The Christian realists, exemplified by the likes of Reinhold Niebuhr, want to convince us that the alternative to majority ethics is ineffectiveness; that for the church to not seek the use of power derived from the majority is to be rendered useless. But this assumed alternative only reveals how significantly majority ethics has shaped our thinking. “Use the powers that be” or have no power at all is an ironic conclusion for Christians who believe that the Lord Jesus overthrew the powers that be by refusing the power of the people when the multitudes try to make Him king, or by being silent before Pilot, or the imperative He chose for Himself to serve the Father by being obedient until death. Jesus accomplished all that the Father willed for Him without ever taking advantage of the power of the state.
Given this alternative, ineffectiveness is given more attractiveness by social philosophers such as Max Weber. Concern for effectiveness, we are told, is only appropriate for those who can practically manage social systems. Therefore, instead of challenging the legitimacy of such alternatives, Weber encourages us to choose moral purity over effectiveness. He advocates that true obedience to suffering love must presuppose one becomes disinterested in results. Such a false dichotomy leaves pietism as the only motivation to resist the majority ethic and sectarianism as the most appropriate form of minority. However, such “Weberian” pattern of thinking seldom recognizes that it is based on the majority ethical line of reasoning. John Howard Yoder observes, “only a person who believes that the ‘responsible use of power’ from a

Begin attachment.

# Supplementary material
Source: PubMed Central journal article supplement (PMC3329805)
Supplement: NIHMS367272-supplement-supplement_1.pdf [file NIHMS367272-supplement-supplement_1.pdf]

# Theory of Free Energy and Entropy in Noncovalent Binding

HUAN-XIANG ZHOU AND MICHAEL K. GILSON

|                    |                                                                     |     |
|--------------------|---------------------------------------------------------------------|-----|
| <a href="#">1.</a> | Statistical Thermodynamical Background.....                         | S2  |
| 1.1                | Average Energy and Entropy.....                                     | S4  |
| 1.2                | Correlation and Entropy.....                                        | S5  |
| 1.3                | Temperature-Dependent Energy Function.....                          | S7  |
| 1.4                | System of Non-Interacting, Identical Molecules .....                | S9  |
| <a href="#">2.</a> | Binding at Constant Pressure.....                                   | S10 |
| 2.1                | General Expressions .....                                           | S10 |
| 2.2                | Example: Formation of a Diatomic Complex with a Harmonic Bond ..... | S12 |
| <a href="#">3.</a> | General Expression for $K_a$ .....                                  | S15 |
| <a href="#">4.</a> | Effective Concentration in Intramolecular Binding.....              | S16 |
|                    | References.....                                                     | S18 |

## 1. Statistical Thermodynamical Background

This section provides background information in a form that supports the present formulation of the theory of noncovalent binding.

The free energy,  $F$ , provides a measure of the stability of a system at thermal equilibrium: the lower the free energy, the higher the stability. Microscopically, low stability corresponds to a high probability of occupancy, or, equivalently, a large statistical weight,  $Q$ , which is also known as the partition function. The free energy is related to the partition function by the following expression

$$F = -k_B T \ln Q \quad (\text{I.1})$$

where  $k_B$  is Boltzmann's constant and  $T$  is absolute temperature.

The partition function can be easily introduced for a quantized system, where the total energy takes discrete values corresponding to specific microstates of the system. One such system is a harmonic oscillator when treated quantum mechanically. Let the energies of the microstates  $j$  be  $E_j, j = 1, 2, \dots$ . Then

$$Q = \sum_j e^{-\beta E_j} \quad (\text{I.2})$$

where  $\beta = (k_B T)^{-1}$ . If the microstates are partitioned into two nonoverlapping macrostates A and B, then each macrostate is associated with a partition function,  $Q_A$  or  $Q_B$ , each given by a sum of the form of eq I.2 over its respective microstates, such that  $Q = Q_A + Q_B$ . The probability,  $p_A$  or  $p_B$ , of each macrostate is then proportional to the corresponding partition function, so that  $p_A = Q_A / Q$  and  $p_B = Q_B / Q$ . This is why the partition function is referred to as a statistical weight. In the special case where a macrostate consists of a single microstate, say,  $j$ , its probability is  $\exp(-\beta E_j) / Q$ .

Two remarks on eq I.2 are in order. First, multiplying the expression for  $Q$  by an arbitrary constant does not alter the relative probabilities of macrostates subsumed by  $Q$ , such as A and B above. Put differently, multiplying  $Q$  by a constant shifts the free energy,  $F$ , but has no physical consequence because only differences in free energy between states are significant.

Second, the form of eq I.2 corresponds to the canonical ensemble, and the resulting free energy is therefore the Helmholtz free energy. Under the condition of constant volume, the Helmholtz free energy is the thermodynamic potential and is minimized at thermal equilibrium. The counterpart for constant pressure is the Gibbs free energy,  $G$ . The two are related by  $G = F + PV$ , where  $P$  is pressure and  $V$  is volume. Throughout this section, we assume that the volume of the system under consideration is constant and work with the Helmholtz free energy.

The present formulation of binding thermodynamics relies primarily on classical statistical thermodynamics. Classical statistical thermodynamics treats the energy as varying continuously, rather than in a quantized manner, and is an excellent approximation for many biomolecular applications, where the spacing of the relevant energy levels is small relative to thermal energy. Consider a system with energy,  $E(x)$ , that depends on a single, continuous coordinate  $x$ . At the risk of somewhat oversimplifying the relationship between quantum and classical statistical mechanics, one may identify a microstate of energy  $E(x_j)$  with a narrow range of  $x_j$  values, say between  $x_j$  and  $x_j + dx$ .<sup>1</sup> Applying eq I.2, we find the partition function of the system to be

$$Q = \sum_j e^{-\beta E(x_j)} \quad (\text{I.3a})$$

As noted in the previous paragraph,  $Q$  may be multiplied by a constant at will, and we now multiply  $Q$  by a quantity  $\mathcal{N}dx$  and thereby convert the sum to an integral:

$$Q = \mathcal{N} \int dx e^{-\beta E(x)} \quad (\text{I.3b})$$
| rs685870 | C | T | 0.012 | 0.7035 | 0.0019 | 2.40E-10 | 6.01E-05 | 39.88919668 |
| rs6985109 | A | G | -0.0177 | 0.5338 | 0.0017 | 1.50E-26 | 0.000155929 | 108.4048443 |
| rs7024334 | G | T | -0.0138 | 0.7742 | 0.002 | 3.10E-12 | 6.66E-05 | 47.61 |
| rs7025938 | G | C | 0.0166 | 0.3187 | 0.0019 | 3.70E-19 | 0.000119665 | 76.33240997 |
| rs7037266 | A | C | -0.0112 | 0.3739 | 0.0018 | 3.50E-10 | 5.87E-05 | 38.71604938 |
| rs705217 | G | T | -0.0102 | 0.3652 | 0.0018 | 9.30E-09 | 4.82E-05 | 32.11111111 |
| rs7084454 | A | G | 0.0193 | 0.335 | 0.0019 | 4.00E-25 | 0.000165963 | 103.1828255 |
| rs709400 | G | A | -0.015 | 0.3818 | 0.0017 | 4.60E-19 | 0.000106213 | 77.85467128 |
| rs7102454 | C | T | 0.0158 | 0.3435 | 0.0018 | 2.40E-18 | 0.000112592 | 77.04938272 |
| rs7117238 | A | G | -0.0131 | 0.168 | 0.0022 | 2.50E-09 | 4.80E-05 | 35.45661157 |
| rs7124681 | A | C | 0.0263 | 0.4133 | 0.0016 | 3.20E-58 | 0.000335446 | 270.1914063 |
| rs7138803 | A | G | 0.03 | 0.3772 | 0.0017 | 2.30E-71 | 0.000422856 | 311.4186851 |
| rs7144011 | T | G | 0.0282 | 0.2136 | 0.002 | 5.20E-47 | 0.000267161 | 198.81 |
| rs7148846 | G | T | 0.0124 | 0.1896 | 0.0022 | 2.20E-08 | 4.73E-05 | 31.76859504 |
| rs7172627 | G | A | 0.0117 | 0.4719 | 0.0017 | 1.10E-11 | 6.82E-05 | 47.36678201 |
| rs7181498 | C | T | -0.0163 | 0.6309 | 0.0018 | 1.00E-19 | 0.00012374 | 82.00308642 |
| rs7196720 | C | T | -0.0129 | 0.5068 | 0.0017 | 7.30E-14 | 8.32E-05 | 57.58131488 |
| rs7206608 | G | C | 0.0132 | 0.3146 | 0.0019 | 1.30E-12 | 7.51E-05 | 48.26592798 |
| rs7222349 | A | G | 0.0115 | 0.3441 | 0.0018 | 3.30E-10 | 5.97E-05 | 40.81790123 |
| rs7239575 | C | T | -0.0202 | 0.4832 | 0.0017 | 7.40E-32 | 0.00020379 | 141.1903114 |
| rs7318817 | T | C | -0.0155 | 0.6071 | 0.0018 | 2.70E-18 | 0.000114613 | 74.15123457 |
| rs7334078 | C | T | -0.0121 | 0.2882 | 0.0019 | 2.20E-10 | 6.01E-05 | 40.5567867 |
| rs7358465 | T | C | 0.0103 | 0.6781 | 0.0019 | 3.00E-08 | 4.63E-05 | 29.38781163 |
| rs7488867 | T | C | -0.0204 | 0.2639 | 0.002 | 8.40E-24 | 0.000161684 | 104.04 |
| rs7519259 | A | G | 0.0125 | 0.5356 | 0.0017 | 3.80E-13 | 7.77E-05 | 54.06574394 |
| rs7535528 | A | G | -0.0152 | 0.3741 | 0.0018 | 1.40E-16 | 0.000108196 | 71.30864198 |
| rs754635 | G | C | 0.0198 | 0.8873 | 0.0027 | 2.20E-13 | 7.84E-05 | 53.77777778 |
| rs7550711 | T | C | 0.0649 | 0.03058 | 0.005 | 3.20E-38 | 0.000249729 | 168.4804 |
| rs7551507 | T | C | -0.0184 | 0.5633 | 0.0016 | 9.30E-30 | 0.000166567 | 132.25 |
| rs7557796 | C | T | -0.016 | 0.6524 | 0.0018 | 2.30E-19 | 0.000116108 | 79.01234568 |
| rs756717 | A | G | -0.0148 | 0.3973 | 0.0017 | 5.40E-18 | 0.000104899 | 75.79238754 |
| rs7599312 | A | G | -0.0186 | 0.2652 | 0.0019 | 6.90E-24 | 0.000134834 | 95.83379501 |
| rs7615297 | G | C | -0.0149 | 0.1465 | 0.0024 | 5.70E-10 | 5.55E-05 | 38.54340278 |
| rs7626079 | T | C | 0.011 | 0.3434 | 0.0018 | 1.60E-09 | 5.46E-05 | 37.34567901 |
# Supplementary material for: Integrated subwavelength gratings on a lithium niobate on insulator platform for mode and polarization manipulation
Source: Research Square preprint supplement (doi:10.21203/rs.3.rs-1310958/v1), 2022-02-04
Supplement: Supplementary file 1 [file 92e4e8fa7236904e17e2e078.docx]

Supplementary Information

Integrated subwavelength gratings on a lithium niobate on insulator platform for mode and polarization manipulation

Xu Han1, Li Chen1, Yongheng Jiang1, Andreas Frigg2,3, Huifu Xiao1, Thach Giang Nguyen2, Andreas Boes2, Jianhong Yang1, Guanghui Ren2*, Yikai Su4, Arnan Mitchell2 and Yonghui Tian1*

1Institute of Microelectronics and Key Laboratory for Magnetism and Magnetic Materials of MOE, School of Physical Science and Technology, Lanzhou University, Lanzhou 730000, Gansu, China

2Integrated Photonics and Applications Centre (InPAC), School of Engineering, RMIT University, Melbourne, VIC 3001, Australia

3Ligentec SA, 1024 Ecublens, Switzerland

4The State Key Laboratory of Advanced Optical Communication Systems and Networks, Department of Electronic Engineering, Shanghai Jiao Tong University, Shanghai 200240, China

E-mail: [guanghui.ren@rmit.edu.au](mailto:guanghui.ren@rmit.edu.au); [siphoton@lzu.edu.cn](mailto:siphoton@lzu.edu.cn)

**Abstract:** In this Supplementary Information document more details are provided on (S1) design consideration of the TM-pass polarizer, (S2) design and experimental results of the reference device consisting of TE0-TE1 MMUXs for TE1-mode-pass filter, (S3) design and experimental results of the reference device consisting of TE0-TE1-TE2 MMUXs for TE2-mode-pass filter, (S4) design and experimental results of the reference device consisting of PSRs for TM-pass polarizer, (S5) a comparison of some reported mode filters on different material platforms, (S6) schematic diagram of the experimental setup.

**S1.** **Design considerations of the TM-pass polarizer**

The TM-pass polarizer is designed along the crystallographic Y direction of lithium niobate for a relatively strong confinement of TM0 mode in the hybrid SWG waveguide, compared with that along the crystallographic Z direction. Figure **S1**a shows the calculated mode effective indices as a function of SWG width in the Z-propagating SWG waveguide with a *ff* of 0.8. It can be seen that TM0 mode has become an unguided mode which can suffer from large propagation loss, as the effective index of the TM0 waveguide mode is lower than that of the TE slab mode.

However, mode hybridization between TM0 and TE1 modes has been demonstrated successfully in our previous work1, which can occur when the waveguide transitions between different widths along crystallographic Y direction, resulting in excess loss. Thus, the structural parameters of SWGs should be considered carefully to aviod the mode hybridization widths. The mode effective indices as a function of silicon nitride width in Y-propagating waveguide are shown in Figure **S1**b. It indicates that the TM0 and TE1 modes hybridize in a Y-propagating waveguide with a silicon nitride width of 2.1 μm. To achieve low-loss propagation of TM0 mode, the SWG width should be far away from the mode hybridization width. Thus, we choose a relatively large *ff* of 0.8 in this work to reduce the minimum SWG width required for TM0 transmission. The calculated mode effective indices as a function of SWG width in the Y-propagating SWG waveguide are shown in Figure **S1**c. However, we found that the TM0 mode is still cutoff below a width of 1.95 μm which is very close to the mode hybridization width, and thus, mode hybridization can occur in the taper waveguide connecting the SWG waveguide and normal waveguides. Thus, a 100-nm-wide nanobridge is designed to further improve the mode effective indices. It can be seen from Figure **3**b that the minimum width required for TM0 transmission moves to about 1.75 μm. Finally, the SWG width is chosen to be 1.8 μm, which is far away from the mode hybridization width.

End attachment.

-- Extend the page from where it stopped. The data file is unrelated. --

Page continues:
position of domination is necessary in order to be useful will then presuppose that the alternative is moral purity at the price of ineffectiveness” (Yoder, pg 96).
Brief Observations and Concerns
If we can take a step back from measuring effectiveness by what will bring about the greatest results tomorrow by seizing as much control as we can today, we might find hospitality, trained in the patience inherent to a apocalyptic community, as an effective practice unappreciated from a majority perspective. Therefore, I offer some observations concerning the political nature of practicing hospitality in a majority ethic.
1. The difference social status makes will be more observable in one’s perspective of injustice. Any morally aware person associated with the majority that has power is seen as being, in more than an accessory sense, responsible for everything that happens. To let something happen by inaction is to be as culpable as to do it oneself since it is presumed that one could have stopped it. To allow injustice to happen is therefore morally the same as perpetrating it. The entire landscape looks different from a position of weakness. If you could not have stopped something, then you are not to blame when it happens. A whole set of logical and psychological differences arise from this difference. No longer do we simply have two categories—“right” which we must foster or even enforce legislatively, and “wrong” which we must prohibit and punish. A host of options emerge between these two clean-cut categories.